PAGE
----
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TRUMP-RUSSIA PROBE Barr preparing a summary of Mueller report’s key conclusions WASHINGTON (AP) — Attorney General William Barr is preparing a summary of the findings of the special counsel investigating Russian election interference. The release…


Barr preparing a summary of Mueller report’s key conclusions

WASHINGTON (AP) — Attorney General William Barr is preparing a summary of the findings of the special counsel investigating Russian election interference.

The release of Barr’s summary of the report’s main conclusions is expected sometime Sunday.

The White House says it hasn’t been briefed on Robert Mueller’s confidential report. The nation’s top Democrat, House Speaker Nancy Pelosi, has told House Democrats that a summary of conclusions won’t be enough as she pressed for the entire report.

Mueller’s 22-month investigation reached its official end on Friday, the day the report was submitted to Barr. It’s expected to focus on whether President Donald Trump’s 2016 campaign coordinated with Russia to sway the election and whether Trump later sought to obstruct the investigation.

Trump has denied any collusion and disparaged the investigation as a “witch hunt.”


The Latest: 2nd ship needs rescue off Norway’s western coast

HELSINKI (AP) — Norwegian rescue authorities say a freighter has experienced an engine seizure in the same stormy Hustadsvika Bay region off western Norway where hundreds of people are being winched off by helicopter from the ailing Viking Sky cruise ship.

Authorities say they have had to divert two of the five helicopters rescuing 1,300 passengers and crew from the cruise ship to help the Hagland Captain cargo vessel’s crew of nine in the storm.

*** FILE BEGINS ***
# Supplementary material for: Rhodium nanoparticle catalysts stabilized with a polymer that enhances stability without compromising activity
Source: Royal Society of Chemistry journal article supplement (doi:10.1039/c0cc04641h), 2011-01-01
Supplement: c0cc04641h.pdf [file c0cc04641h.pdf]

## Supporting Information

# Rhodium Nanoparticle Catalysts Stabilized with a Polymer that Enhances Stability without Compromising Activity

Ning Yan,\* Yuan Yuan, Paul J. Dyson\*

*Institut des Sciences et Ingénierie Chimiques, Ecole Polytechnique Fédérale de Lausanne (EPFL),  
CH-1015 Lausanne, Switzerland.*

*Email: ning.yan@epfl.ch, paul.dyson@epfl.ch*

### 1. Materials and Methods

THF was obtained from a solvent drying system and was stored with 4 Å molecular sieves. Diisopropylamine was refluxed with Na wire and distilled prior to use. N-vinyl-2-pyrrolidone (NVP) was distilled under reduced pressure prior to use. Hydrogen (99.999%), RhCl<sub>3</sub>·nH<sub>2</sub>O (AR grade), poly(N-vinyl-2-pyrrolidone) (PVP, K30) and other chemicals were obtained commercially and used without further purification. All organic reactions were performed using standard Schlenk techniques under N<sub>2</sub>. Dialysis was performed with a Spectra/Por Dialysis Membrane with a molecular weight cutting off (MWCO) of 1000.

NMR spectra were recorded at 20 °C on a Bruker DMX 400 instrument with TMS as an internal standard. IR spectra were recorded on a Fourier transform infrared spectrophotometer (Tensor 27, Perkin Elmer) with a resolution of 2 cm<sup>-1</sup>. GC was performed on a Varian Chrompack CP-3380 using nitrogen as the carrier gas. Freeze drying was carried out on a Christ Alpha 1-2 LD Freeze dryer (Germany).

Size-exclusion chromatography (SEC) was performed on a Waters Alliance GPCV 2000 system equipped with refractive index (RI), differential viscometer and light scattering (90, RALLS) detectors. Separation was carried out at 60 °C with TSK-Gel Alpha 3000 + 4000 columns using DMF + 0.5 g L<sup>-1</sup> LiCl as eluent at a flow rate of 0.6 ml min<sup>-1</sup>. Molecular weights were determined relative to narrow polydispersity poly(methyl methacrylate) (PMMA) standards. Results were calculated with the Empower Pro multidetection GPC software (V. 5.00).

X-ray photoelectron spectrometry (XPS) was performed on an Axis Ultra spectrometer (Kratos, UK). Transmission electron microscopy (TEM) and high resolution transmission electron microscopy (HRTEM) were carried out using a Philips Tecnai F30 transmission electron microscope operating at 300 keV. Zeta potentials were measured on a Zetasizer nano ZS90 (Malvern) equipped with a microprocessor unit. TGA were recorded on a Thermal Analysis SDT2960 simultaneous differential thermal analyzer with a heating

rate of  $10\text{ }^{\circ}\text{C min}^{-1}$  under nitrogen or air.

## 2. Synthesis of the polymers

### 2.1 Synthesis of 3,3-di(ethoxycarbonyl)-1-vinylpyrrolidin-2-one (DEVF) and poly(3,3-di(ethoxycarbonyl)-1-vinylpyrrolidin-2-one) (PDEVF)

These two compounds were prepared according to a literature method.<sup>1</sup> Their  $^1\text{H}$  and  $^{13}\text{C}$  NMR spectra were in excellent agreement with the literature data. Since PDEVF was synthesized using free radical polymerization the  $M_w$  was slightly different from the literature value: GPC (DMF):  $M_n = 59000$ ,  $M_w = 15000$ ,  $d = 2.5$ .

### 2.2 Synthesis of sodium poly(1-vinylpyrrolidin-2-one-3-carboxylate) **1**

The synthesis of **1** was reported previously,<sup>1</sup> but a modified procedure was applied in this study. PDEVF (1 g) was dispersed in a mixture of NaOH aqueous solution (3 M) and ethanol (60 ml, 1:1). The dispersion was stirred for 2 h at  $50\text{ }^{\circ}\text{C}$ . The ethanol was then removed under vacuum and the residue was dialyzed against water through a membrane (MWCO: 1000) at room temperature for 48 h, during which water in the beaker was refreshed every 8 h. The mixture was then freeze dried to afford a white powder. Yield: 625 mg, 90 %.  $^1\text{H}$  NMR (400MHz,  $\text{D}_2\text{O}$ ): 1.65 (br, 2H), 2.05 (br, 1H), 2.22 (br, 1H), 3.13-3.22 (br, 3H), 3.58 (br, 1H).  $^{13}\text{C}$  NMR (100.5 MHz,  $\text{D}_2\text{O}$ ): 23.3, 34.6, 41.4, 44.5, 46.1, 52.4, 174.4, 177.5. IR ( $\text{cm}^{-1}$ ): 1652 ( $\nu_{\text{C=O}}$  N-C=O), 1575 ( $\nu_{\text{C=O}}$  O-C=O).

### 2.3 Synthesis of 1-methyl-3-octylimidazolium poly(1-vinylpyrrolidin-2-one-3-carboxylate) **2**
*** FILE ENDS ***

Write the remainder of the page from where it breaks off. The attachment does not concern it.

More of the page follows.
Both boats are trying to avoid being dashed on the rocky coast. The cruise ship is moored between the western Norwegian cities of Alesund and Trondheim. People are being winched off one by one, with one passenger saying she was terrified as she was buffeted by high winds.

Rescue workers say it will take hours to evacuate all those on the cruise ship.


Venezuelan power struggle creates diplomatic duel abroad

BOGOTA, Colombia (AP) — When Lorena Delgado approached the Venezuelan consulate in Colombia’s capital on a recent afternoon hoping to extend the life of her expiring passport, she found the metal gates to the languishing building shuttered.

Days earlier, Venezuelan leader Nicolas Maduro had severed ties with the nation where over a million of his compatriots have fled, recalling all his diplomats and leaving the consulate and embassy buildings closed.

The man challenging Maduro’s claim to the presidency had appointed a new ambassador, but he was at a loss about how to help her. He does not have access to the consulate or the ability to issue passport extensions.

As Venezuela’s power struggle rages, a parallel dispute for control of embassy buildings in the countries recognizing Guaido as Venezuela’s true president has taken root.


The Latest: Ousted Thai party confident of election win

BANGKOK (AP) — The leader of the Pheu Thai political party that was ousted as Thailand’s government in a 2014 military coup says she’s confident of winning Sunday’s election.

Speaking to reporters after voting in Bangkok, Sudarat Keyuraphan said: “I don’t say it’ll be a landslide. I don’t know. Depend on the people. But I think we can win this election.”

Thais are voting for a 500-member parliament that along with a 250-member junta appointed Senate will decide the country’s next prime minister.

Prime Minister Prayuth Chan-ocha, the army chief who led the 2014 coup, is hoping to stay in power through a military-backed political party and measures that dilute the influence of other political parties.


AP-NORC Poll: Majority of Americans favor stricter gun laws

WASHINGTON (AP) — A new poll shows a majority of Americans favor stricter gun laws, and most believe schools and places of worship have become less safe over the last two decades.

The Associated Press-NORC Center for Public Affairs Research survey included interviews conducted before and after this month’s mass shooting at two mosques in New Zealand.

The poll finds 67 percent of Americans support making the nation’s gun laws stricter, while 22 percent say they should be left as they are. Another 10 percent think they should be made less strict.